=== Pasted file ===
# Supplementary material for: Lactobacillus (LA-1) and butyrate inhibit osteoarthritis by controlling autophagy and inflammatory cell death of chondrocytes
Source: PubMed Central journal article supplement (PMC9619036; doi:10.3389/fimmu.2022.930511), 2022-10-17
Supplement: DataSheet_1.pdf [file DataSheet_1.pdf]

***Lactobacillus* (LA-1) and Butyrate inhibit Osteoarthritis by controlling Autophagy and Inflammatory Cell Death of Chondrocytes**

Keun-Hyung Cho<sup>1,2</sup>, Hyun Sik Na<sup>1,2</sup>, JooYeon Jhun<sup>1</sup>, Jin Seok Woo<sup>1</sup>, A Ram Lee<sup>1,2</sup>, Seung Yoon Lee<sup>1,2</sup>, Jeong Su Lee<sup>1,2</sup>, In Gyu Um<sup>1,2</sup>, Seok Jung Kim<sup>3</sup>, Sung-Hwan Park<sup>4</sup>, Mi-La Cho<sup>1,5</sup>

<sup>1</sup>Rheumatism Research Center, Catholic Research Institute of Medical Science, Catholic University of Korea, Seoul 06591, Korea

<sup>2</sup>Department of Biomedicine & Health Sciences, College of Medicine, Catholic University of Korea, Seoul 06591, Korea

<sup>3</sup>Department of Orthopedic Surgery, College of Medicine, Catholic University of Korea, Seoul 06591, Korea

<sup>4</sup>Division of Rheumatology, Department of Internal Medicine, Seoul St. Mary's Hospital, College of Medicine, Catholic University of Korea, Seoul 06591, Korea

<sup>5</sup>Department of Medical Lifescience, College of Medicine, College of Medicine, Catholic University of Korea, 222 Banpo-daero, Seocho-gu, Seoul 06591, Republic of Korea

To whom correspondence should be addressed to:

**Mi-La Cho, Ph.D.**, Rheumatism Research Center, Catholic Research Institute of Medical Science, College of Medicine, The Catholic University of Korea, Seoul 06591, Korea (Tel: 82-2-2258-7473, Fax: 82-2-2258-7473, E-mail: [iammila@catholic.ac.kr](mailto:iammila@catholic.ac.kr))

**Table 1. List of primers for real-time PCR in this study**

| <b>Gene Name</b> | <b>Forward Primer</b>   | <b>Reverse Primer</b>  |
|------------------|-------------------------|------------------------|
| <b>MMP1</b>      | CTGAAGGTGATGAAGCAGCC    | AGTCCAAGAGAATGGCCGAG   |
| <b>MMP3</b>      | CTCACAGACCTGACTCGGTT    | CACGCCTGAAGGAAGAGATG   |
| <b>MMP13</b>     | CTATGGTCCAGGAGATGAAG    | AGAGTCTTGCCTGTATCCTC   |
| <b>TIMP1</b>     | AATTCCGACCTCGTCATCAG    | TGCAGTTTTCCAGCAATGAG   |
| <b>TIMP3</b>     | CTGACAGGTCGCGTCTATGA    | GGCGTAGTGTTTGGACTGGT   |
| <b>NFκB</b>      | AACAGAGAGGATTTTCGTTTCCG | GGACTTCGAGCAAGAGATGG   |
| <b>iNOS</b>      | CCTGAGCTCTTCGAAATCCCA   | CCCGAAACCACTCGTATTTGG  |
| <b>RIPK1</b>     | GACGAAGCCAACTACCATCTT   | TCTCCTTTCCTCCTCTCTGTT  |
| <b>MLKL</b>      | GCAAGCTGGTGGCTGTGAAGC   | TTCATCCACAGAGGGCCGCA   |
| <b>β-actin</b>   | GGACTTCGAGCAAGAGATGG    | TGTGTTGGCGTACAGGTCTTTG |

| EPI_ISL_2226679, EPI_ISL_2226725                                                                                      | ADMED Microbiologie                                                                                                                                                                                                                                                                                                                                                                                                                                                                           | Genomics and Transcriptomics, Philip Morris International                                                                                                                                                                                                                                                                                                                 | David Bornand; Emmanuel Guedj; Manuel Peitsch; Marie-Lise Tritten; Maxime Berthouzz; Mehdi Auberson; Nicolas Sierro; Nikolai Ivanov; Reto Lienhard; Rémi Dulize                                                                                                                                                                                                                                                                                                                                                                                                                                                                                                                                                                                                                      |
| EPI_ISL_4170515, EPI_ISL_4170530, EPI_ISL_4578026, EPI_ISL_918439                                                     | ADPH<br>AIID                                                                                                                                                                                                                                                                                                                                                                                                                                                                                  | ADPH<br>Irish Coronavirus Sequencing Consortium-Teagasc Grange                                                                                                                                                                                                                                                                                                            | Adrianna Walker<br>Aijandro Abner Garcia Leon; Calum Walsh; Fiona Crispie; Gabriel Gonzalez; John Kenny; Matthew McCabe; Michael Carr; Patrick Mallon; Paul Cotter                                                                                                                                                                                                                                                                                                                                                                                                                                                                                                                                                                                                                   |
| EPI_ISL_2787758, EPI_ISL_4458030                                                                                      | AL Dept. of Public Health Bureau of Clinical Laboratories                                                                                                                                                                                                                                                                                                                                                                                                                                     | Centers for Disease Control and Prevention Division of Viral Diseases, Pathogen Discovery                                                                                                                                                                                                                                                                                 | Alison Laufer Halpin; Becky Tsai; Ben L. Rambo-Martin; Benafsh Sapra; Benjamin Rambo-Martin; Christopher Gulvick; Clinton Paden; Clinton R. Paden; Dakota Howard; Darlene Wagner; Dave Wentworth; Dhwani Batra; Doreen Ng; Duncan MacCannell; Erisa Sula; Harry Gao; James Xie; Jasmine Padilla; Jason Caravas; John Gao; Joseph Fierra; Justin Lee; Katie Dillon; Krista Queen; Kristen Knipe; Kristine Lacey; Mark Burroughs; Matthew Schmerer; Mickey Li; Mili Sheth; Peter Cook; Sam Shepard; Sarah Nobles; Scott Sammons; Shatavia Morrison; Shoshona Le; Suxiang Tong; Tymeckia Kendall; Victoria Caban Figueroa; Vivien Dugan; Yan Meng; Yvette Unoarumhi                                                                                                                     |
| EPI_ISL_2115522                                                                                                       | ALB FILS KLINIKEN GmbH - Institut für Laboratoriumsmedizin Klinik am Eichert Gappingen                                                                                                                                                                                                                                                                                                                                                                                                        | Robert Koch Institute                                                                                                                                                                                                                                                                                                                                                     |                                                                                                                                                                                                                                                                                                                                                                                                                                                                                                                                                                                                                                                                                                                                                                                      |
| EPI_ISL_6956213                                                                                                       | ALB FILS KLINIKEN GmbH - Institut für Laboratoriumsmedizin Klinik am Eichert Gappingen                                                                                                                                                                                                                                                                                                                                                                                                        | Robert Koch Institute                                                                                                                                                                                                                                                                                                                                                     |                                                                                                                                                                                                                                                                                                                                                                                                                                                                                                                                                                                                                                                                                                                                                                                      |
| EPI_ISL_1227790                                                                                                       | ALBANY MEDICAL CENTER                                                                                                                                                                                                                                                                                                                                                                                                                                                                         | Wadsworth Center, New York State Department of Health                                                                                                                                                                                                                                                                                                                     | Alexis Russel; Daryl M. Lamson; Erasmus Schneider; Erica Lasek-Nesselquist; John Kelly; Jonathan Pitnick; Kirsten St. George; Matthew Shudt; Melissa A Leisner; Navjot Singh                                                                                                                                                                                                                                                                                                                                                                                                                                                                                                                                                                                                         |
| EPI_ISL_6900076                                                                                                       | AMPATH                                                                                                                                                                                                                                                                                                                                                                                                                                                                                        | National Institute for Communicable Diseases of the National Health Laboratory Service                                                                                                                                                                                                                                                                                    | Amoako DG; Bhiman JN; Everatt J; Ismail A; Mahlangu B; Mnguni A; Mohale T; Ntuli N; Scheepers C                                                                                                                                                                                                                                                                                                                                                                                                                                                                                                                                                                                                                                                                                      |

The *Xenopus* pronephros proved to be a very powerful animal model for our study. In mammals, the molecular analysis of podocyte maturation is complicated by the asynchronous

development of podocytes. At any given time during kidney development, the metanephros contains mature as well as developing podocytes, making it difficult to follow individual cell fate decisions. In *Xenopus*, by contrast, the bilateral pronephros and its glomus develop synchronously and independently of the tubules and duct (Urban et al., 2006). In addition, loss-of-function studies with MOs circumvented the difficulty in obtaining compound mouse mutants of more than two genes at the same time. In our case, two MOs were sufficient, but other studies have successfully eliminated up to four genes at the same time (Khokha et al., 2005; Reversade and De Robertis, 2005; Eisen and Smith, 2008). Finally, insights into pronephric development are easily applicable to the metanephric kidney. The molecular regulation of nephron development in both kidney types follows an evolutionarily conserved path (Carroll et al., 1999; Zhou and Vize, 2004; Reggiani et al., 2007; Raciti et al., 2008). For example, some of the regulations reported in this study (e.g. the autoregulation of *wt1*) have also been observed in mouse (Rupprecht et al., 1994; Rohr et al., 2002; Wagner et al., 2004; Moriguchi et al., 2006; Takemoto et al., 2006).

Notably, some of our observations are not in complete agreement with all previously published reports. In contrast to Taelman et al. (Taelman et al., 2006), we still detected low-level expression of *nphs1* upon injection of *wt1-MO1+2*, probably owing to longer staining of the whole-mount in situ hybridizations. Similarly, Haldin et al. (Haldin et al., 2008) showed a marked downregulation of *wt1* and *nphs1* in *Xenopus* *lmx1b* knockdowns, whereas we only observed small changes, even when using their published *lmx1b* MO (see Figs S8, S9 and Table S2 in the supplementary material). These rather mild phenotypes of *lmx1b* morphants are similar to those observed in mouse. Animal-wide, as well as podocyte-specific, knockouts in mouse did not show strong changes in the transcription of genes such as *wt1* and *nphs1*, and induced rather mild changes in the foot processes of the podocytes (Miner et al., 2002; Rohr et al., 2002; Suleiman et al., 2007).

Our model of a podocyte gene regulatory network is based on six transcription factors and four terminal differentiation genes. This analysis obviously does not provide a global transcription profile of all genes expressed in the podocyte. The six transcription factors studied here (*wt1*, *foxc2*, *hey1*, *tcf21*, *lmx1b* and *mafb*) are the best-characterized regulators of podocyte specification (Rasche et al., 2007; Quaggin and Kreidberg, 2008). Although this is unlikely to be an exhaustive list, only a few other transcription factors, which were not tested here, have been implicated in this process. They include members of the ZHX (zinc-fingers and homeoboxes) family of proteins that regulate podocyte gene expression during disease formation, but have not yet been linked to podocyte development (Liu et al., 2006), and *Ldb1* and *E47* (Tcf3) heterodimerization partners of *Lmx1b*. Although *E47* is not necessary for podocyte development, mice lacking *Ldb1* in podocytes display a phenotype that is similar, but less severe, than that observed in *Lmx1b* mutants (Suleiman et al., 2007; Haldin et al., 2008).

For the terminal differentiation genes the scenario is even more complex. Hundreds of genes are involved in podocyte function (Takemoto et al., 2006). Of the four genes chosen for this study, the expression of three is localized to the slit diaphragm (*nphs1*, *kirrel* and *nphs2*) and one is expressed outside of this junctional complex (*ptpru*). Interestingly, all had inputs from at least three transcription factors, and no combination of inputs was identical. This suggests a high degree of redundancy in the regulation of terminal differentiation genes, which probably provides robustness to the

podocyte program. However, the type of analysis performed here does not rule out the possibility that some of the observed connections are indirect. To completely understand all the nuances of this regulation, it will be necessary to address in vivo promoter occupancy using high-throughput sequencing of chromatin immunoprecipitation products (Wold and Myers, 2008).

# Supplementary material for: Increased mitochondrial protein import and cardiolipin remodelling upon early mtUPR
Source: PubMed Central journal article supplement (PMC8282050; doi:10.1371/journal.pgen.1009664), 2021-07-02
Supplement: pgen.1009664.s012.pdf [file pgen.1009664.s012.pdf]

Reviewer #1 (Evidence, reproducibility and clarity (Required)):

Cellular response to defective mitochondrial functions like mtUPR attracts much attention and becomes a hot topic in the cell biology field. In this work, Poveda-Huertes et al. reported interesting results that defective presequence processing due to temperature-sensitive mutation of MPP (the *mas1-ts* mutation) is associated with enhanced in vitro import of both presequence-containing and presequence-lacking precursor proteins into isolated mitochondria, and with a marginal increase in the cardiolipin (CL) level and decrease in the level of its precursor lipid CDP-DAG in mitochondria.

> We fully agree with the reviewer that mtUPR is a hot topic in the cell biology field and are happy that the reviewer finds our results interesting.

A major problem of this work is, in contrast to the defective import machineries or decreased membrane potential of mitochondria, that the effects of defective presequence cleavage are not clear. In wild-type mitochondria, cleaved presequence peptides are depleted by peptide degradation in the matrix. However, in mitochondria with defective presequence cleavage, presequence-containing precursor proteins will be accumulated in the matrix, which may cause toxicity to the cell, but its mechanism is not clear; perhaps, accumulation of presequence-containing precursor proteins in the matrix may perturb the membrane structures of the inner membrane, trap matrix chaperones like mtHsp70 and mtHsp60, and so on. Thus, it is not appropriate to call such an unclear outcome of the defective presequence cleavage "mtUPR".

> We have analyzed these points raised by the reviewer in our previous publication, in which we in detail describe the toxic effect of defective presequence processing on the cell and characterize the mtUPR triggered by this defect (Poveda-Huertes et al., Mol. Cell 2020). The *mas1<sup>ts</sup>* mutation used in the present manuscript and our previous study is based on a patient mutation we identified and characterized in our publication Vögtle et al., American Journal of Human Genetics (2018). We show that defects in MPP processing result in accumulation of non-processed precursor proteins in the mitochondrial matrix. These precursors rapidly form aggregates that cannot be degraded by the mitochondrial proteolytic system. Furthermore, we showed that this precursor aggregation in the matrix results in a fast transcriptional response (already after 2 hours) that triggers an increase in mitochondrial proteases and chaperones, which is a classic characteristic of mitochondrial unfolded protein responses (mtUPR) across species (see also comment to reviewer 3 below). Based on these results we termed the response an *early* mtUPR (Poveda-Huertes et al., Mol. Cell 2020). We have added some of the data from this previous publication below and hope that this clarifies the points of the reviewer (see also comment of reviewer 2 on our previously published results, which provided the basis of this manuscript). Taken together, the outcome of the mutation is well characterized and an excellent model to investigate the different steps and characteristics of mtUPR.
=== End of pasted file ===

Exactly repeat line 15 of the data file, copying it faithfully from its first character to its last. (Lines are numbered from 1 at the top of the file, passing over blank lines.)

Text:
|------------------|-------------------------|------------------------|